Alec Nevala-Lee

Thoughts on art, creativity, and the writing life.

Posts Tagged ‘A.E. van Vogt

The Borges Test

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In his introduction to The Garden of Forking Paths, Jorge Luis Borges, who was arguably the greatest writer of speculative fiction of the twentieth century, offers a useful piece of advice:

It is a laborious madness and an impoverishing one, the madness of composing vast books—setting out in five hundred pages an idea that can be perfectly related orally in five minutes. The better way to go about it is to pretend that these books already exist, and offer a summary, a commentary on them. That was Carlyle’s procedure in Sartor Resartus, Butler’s in The Fair Haven—though those works suffer under the imperfection that they themselves are books, and not a whit less tautological than the others. A more reasonable, more inept, and more lazy man, I have chosen to write notes on imaginary books. Those notes are “Tlön, Uqbar, Orbis Tertius” and “A Survey of the Works of Herbert Quain.”

Later stories in the same vein include “Three Versions of Judas” and “The Theme of the Traitor and the Hero,” one of my favorites, in which Borges writes: “In my spare evenings I have conceived this plot—which I will perhaps commit to paper but which already somehow justifies me.” It’s a considerate way of saving time for both the author and the reader, and it’s unfortunate that it’s become so associated with Borges that it’s hard for other writers to utilize it without turning it into an homage. And it only works for stories in which an idea, rather than characterization or style, constitutes the primary attraction.

It’s also no accident that Borges arrived at this method after years as a great reader of mystery fiction and, to a lesser extent, of science fiction and fantasy, which are the genres most vulnerable to the charge that they have nothing to offer but an idea. The most damning case against the hard science fiction epitomized by John W. Campbell’s Astounding is that many of these stories could be reduced to a paragraph of plot summary with minimal loss. Most fans, I think, can relate to the experience of being halfway through a story and impatiently skipping to the end, since the writing and characters don’t provide nearly enough incidental pleasure to justify wading through the rest. At its worst, you get the kind of scientific problem story published by Analog at its least inviting, with the reader forced to stare at names on the page and incomprehensible jargon for twenty minutes, only to be rewarded with the narrative equivalent of a word problem in a physics textbook. And this doesn’t extend to bad stories alone, but to some of the important works ever published in the genre. I don’t think I’m wrong in saying that almost all of Asimov’s robot stories could be condensed to a few sentences that lay out the situation and the solution without losing much of the experience. (A trickier example is Philip K. Dick’s The Man in the High Castle, which I suspect would work better as a five-page Borges story. The idea of an alternate World War II novel in which the characters are reading an alternate World War II novel about our own world, filled with plausible inaccuracies, is one that Borges would have loved. Ursula K. LeGuin famously referred to Dick as “our own homegrown Borges,” and it’s noteworthy that Dick, as an American novelist, just went ahead and wrote the whole book.)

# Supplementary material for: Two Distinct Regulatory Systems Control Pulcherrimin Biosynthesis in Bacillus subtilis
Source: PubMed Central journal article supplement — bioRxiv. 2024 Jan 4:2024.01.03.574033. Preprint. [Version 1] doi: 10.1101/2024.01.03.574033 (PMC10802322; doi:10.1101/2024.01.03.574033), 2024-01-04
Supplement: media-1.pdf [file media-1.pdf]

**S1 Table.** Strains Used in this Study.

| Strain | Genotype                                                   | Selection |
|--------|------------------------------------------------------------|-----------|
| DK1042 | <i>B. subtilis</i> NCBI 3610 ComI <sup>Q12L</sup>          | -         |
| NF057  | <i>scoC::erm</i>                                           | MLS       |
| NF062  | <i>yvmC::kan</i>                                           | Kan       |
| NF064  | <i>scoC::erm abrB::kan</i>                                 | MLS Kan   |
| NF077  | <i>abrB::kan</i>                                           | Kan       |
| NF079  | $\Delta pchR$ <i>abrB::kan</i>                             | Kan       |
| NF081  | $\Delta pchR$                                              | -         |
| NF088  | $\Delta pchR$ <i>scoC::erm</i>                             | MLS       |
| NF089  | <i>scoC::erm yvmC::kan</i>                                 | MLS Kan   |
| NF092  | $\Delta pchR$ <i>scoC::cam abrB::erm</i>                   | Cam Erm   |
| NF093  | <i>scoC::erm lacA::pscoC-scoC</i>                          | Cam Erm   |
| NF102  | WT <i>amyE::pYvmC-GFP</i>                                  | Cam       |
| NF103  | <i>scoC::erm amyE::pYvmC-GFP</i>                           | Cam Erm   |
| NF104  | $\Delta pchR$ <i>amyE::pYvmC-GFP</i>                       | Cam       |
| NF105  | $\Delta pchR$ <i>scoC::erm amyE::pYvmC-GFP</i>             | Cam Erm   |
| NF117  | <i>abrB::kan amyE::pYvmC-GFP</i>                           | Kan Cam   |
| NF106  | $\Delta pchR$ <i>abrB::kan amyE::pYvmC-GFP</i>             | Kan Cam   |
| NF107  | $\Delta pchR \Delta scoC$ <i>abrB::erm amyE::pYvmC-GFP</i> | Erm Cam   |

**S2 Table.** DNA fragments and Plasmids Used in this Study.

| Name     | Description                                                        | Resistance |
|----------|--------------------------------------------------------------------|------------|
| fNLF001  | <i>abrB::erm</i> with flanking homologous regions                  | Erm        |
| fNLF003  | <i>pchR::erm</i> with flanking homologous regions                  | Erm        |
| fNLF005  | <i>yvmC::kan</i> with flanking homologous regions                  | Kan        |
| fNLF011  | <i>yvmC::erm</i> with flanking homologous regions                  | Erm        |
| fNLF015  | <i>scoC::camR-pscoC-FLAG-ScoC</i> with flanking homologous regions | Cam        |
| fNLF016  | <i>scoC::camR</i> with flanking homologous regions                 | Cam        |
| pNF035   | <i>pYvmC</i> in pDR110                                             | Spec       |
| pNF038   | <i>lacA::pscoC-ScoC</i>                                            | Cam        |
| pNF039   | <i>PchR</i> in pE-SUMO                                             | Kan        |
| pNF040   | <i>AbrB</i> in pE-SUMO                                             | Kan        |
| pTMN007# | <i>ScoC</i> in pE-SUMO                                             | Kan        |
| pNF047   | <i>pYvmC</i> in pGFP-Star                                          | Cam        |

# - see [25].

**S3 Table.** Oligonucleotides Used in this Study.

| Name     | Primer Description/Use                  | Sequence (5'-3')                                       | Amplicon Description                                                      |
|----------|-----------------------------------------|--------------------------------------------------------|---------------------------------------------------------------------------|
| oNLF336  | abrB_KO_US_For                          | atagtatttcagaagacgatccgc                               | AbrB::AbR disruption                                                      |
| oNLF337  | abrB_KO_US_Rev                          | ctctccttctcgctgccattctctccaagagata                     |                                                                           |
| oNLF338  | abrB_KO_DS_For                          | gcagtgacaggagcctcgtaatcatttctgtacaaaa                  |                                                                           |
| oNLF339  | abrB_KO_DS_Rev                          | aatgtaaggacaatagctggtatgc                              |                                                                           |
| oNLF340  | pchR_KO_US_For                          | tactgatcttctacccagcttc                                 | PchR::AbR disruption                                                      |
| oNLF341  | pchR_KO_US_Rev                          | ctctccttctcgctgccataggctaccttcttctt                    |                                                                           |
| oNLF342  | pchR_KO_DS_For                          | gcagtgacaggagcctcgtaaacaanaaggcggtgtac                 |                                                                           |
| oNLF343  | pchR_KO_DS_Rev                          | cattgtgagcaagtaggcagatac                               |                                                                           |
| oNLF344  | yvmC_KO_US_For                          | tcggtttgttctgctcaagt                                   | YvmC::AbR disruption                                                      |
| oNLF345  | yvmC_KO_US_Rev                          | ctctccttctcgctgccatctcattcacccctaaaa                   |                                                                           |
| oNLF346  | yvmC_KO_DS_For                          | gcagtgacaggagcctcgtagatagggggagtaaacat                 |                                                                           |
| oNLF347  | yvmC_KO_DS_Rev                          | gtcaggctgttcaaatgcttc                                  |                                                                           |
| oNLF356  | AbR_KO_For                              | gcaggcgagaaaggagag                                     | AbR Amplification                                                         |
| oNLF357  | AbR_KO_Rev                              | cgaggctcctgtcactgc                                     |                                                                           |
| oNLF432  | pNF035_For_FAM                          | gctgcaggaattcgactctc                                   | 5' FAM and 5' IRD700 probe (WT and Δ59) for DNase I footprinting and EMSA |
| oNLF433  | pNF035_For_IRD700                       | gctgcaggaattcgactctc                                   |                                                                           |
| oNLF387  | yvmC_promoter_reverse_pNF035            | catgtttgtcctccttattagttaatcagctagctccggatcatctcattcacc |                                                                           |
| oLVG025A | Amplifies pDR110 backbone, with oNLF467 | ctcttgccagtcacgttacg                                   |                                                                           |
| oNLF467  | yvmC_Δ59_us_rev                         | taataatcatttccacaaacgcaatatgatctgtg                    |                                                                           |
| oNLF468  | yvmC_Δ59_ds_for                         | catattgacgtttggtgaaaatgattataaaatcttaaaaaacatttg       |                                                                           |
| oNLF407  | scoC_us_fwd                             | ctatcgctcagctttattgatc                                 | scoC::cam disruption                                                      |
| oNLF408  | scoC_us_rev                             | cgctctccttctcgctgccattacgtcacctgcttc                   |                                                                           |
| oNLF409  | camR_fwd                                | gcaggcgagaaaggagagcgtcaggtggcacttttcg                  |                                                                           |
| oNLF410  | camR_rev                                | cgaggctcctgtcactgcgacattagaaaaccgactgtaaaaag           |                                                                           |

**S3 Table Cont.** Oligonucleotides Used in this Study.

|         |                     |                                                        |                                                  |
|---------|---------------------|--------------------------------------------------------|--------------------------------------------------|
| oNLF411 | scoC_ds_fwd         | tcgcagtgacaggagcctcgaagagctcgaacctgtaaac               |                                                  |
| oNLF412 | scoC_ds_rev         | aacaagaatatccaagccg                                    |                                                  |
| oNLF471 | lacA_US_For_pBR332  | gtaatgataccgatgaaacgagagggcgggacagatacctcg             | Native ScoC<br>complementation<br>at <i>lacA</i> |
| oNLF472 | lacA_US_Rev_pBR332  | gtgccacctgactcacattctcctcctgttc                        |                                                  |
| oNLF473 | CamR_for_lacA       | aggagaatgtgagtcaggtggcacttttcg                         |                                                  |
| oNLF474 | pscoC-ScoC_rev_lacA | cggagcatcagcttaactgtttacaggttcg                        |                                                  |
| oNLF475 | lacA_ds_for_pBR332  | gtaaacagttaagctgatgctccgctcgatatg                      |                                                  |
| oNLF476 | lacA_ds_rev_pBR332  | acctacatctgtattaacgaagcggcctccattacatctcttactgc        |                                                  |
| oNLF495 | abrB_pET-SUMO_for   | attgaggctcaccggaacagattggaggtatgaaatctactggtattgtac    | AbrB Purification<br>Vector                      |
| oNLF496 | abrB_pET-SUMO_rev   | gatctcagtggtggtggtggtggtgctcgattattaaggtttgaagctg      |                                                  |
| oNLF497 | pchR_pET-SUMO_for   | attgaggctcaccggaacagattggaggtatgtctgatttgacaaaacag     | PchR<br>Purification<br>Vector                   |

You could say much the same of detective fiction of the locked-room variety, which exists entirely to deliver the twist, and which might work better as one of the one-minute mysteries that children consume in grade school. (“What made Encyclopedia Brown so sure? Turn to page 61 for the solution to ‘The Case of the Giant Mousetrap.’”) This frequent inability of the mystery to rise above its origins as a puzzle is part of the reason that they irritated the critic Edmund Wilson, who wrote in his famous essay “Why Do People Read Detective Stories?”:

I finally got to feel that I had to unpack large crates by swallowing the excelsior in order to find at the bottom a few bent and rusty nails…It is not difficult to create suspense by making people await a revelation, but it does demand a certain talent to come through with a criminal device which is ingenious or picturesque or amusing enough to make the reader feel that the waiting has been worth while…You cannot read such a book, you run through it to see the problem worked out.

Under such circumstances, it can be a courtesy for one reader to summarize the contents of such a story for another. Many of Borges’s best essays consist of little more than a condensed version of another book, from William Beckford’s Vathek to Farid ud-Din Attar’s The Conference of the Birds, as filtered through his unique sensibilities. And you see a similar impulse, at much lower level, when we go online to read the spoilers for a bad movie that we have no intention of ever seeing.